The Emperor sent for me to come back a moment later. He asked me if the night’s event was known in the Palace. He was plainly in despair because his strong constitution had fought death off when his whole heart was set on dying. He spoke to me again of his predicament, of the move he thought it probable that Austria would make to part the Empress from him. Life, he repeated, was insufferable to him. He dwelt incessantly upon the means of ending it, and complained that he had been deprived of them all.
‘That is mere childishness on the part of my entourage,’ he told me. ‘Mine is no common predicament. To treat me now like some nobody with the spleen is an insult to me, not a proof of attachment. Tell me honestly, Caulaincourt: in my place, would you not prefer death to the fate in store for me? To the insults I may be made to suffer? To the disgrace of ratifying this treaty that mentions nothing but my personal interests? I never will sign it. Russian captivity suits me better. That will set seal to the dishonor of those who have betrayed me, and of the monarchs who recognized me, who made treaties with me, allied themselves with me and my family, and who reject my family to-day as they do me because Fortune deserts me and smiles on them instead. Was that how I acted toward them when their capitals were mine — when I could have dethroned them?’
So moved was I by the justice of the Emperor’s remarks that his statement of the case affected me as deeply as it did him. Seeing eye to eye with the Emperor, I told him frankly that if this vain attempt at suicide became known there were many who would consider it mere stage play. The Emperor talked of his death, of devices for killing himself; and he demanded that I, as his loyal friend, should put him in the way of achieving it after the fashion of those old Romans who drank the hemlock. Had the cup been there, I would have handed it to him. But to plot out a death, contrive for it, bring the means to him, arrange the whole matter in cold blood — there was a task that lay beyond the compass of my devotion. ‘Even so, Caulaincourt,’ he repeated, ‘it is the greatest proof of devotion you could give me. Prolong my situation and you force me to sign the treaty — you prolong my anguish.’
The Emperor was suffering severely from pain and thirst. His face looked shriveled; he was drowsy, and had sunk into the lethargy of total exhaustion. He took a swallow of water and seemed to feel the need of sleep. Despite that, however, I made mention of the propriety, and the vital importance, too, of his seeing the Duke of Taranto, who wished to return to Paris and already had asked twice for an audience. I begged him to brace up — to let Macdonald see him for a moment, even if he had to stay in bed and claim that he was ill. I suggested that the marshal, after seeing His Majesty, would be able at a pinch to give the lie to whatever anyone could say about last night’s event. ‘Let me have your arm,’ he told me.
He tried to take a few steps in his room, but his legs were too weak to support him. He had changed alarmingly, and I was barely able to hold him upright. I dragged him to the window, which he made me throw open. The air seemed to revive him a little, but Roustam had to be called to help me put him back to bed — nor was this easily managed with the Emperor so nearly unconscious. His arms and legs seemed to be asleep; there was no spring to them. I conversed with him for a moment longer, urging him to take some nourishment and to rest, so that he would be able to receive the Duke of Taranto at noon; and then, telling him that I was going to attend to all the business I thought it imperative to wind up, I left the Emperor’s quarters.
No details of this secret drama had transpired. I found evidence to that effect as soon as I had left His Majesty. Upon returning to my apartment, I jotted down the particulars and all that the Emperor had said during this dreadful night. Thereafter I was with the Duke of Taranto, who was anxious to take leave of the Emperor.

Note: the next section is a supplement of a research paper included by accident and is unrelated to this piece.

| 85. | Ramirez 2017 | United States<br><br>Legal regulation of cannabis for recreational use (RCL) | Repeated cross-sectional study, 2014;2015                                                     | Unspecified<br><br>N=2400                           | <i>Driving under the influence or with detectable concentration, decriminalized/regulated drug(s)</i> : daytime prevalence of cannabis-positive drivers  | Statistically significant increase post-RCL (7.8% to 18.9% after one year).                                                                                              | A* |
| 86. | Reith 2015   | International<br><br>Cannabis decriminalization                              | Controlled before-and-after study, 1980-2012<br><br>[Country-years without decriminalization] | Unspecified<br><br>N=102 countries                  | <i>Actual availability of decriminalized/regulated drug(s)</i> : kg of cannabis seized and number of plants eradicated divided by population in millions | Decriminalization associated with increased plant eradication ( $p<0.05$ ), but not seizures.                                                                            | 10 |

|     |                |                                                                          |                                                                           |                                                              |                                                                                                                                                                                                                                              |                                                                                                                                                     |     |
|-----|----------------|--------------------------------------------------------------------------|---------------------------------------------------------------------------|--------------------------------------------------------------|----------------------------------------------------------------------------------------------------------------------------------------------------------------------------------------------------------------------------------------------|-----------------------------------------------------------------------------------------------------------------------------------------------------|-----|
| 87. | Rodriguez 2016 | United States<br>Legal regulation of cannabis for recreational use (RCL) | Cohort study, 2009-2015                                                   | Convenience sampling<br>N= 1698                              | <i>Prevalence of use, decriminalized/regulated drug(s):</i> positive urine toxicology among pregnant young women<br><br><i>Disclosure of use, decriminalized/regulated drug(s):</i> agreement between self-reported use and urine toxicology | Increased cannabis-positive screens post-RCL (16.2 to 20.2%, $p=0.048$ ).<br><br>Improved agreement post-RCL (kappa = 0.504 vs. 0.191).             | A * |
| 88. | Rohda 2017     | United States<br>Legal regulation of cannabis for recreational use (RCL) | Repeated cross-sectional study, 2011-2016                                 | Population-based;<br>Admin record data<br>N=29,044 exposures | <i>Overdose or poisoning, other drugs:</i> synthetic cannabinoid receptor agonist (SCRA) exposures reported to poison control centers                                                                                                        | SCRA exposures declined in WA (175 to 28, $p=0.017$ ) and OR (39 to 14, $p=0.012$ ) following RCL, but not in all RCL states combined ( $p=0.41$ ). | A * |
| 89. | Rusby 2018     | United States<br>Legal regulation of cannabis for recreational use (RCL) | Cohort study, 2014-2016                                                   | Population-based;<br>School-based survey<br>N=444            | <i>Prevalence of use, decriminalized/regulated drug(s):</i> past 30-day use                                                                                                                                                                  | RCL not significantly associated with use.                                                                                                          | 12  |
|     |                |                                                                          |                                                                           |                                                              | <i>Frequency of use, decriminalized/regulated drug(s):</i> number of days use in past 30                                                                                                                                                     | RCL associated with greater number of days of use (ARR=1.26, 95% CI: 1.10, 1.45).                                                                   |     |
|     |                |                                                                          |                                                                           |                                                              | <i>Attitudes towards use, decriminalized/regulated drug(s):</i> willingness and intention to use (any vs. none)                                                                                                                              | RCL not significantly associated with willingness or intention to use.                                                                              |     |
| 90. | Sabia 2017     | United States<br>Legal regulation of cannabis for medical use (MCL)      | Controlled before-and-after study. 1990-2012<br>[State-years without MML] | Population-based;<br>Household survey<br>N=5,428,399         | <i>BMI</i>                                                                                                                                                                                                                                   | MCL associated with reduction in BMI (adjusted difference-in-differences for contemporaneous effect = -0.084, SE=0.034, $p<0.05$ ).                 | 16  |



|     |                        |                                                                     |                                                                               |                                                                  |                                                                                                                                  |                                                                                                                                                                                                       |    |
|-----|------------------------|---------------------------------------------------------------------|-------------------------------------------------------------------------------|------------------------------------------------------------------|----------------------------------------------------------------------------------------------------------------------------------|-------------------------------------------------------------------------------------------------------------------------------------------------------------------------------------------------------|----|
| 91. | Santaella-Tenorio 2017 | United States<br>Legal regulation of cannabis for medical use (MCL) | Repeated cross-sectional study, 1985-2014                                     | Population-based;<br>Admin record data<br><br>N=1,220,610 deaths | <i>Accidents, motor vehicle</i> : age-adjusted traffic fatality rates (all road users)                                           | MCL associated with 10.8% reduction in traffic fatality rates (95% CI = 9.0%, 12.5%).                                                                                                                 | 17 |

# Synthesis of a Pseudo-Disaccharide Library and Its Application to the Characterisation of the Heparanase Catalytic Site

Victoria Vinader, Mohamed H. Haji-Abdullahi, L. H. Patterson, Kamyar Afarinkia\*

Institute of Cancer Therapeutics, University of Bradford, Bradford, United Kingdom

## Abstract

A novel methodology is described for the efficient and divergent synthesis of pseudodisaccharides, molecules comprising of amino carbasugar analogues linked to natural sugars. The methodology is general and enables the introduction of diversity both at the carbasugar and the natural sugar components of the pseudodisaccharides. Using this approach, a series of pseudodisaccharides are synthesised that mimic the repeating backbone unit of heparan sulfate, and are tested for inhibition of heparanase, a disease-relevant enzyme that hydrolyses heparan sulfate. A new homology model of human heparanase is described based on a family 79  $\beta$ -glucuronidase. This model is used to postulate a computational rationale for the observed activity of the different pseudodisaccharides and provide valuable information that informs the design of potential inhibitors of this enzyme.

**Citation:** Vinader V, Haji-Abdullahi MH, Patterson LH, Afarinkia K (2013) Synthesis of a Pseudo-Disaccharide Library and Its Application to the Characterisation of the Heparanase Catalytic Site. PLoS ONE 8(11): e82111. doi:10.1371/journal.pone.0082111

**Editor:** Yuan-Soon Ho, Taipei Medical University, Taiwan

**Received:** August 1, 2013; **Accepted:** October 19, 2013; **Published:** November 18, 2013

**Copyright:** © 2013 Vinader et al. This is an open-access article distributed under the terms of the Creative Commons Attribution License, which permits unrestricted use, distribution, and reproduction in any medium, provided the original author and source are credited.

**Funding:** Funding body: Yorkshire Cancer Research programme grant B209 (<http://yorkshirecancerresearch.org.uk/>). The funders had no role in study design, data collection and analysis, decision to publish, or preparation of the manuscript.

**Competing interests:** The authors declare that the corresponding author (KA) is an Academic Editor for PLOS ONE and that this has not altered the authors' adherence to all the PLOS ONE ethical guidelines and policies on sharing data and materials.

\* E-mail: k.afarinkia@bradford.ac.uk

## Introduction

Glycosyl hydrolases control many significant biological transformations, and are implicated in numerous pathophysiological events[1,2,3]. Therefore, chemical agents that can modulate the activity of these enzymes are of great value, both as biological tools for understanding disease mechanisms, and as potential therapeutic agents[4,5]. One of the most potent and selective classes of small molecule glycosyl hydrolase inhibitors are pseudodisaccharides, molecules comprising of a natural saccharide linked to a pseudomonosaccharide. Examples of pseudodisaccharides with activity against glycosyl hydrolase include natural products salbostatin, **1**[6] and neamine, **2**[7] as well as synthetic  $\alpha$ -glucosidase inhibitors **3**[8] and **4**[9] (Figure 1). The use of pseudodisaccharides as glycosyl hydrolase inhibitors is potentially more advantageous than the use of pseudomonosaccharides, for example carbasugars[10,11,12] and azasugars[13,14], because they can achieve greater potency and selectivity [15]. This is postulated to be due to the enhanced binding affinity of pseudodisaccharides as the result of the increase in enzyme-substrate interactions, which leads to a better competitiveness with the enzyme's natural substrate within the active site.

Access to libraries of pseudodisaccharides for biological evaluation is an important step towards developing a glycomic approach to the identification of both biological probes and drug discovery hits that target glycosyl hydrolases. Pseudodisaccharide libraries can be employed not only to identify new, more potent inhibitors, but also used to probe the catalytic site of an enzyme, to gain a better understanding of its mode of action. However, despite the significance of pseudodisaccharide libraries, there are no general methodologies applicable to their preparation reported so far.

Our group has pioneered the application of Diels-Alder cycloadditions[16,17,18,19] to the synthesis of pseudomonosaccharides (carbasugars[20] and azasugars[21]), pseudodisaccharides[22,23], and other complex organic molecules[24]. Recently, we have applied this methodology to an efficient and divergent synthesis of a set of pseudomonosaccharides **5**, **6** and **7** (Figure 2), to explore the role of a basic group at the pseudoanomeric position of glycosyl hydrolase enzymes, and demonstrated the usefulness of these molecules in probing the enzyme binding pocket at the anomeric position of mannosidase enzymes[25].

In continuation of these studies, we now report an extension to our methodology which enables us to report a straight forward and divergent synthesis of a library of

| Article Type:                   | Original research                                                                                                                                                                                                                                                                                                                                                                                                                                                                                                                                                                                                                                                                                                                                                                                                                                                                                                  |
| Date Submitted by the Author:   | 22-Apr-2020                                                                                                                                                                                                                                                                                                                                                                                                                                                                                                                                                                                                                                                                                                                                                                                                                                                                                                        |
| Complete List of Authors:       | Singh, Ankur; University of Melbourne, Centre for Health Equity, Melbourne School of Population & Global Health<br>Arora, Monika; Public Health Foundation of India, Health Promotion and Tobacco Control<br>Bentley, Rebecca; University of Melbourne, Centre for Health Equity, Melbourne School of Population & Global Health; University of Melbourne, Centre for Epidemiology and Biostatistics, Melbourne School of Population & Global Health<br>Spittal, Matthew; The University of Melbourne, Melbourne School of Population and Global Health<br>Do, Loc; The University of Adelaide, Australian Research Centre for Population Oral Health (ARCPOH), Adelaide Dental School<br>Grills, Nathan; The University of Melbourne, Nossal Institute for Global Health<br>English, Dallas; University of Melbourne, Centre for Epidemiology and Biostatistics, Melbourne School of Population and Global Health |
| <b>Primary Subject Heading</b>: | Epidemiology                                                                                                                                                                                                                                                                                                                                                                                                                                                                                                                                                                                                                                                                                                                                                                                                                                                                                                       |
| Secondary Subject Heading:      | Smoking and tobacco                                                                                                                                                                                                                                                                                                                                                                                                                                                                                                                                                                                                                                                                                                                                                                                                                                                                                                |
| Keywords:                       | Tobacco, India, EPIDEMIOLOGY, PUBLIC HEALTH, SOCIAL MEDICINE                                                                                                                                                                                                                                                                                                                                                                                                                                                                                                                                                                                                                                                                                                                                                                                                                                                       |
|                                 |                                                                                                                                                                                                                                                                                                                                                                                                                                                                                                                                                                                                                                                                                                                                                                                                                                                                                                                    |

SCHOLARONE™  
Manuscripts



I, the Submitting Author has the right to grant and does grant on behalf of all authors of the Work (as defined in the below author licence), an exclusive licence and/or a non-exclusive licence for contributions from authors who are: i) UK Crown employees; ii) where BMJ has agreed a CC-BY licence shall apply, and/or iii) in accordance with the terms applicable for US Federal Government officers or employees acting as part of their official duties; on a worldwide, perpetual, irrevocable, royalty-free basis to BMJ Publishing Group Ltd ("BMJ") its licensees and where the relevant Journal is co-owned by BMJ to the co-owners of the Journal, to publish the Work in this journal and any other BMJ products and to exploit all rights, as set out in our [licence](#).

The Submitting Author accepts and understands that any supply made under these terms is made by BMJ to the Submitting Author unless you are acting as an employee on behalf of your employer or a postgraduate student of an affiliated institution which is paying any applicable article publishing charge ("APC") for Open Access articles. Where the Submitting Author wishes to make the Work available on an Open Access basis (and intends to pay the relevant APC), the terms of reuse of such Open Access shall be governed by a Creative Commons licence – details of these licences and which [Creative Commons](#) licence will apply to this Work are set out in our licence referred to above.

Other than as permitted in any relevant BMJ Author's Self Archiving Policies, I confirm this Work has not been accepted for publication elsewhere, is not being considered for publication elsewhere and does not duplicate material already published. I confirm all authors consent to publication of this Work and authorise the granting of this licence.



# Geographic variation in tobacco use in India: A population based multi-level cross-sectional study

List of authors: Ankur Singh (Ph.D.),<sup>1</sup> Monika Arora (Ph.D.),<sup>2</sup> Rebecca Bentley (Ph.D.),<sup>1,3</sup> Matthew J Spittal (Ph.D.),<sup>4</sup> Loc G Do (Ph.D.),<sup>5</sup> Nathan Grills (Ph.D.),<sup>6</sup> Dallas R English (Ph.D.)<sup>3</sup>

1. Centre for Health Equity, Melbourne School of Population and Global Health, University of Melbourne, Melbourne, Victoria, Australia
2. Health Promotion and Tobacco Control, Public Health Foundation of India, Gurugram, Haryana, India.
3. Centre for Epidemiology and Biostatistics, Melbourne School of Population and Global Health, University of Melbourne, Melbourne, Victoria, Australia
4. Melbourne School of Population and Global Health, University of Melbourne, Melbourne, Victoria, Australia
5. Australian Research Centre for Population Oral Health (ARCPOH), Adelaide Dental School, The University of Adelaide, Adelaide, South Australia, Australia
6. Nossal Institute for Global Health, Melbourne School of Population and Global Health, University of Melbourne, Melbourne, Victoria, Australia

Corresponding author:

At about 11 A.M. I returned to His Majesty, to urge him to receive the marshal. They had made the Emperor drink something, and his stomach had not been upset by it. He was more composed; he had seen the Duke of Bassano, and knew that all was in readiness for the exchange of ratifications. He had talked also with the Grand Marshal, who had resolved to go with him to Elba. This lofty devotion touched him, nor could he speak of it without emotion.
‘My mind is made up,’ he told me then, after a momentary silence. ‘I have just had a talk with Maret. He will give you the State Secretariat’s orders for ratifying the treaty. I shall live, since death cares as little for me in my bed as it does on the battlefield. And there will be courage, too, to make life endurable after such happenings as these. I will write the History of the Brave! ’
He instructed me to make everything ready for the signing of the ratifications, so that he could send the Duke of Taranto on his way, and so that Orloff might clear out of Fontainebleau. Feeble though he was, and of a deep, persistent pallor, he left his bed. He could barely stand; we had to put him into a chair and throw open a casement. The air revived him, and he came to his senses sufficiently so that we could dress him to receive the marshal.
Count Orloff was dispatched at last, and took his departure. The Secretariat prepared the ratifications with the other Allied Powers; the Emperor washed me to have charge of those formalities, too. I also worked with the Grand Marshal over the arrangements for the Emperor’s departure. It seemed to me that the journey to Elba was a foregone conclusion.
The Emperor was eager that I should return straightway to Paris, in order to hasten the settling up of all his affairs that remained unfinished. It was necessary to secure the immediate dispatch of the Allied commissioners who were to accompany His Majesty. Whatever pertained to the title transfer of the Island of Elba had to be settled, and likewise the outfitting of the corvettes that were to serve as transports. In short, it was needful to clear away the thousand-and-one difficulties that every objective presented when one was dealing with a malevolent government whose agents took delight in obstructing everything. The Emperor was eager, also, for me to go and see his wife and son at Rambouillet. He talked for a long time with me about all these details. First he would be resigned; he would realize how vital it was for him to leave as soon as possible — and a moment later he would relapse into his earlier frame of mind.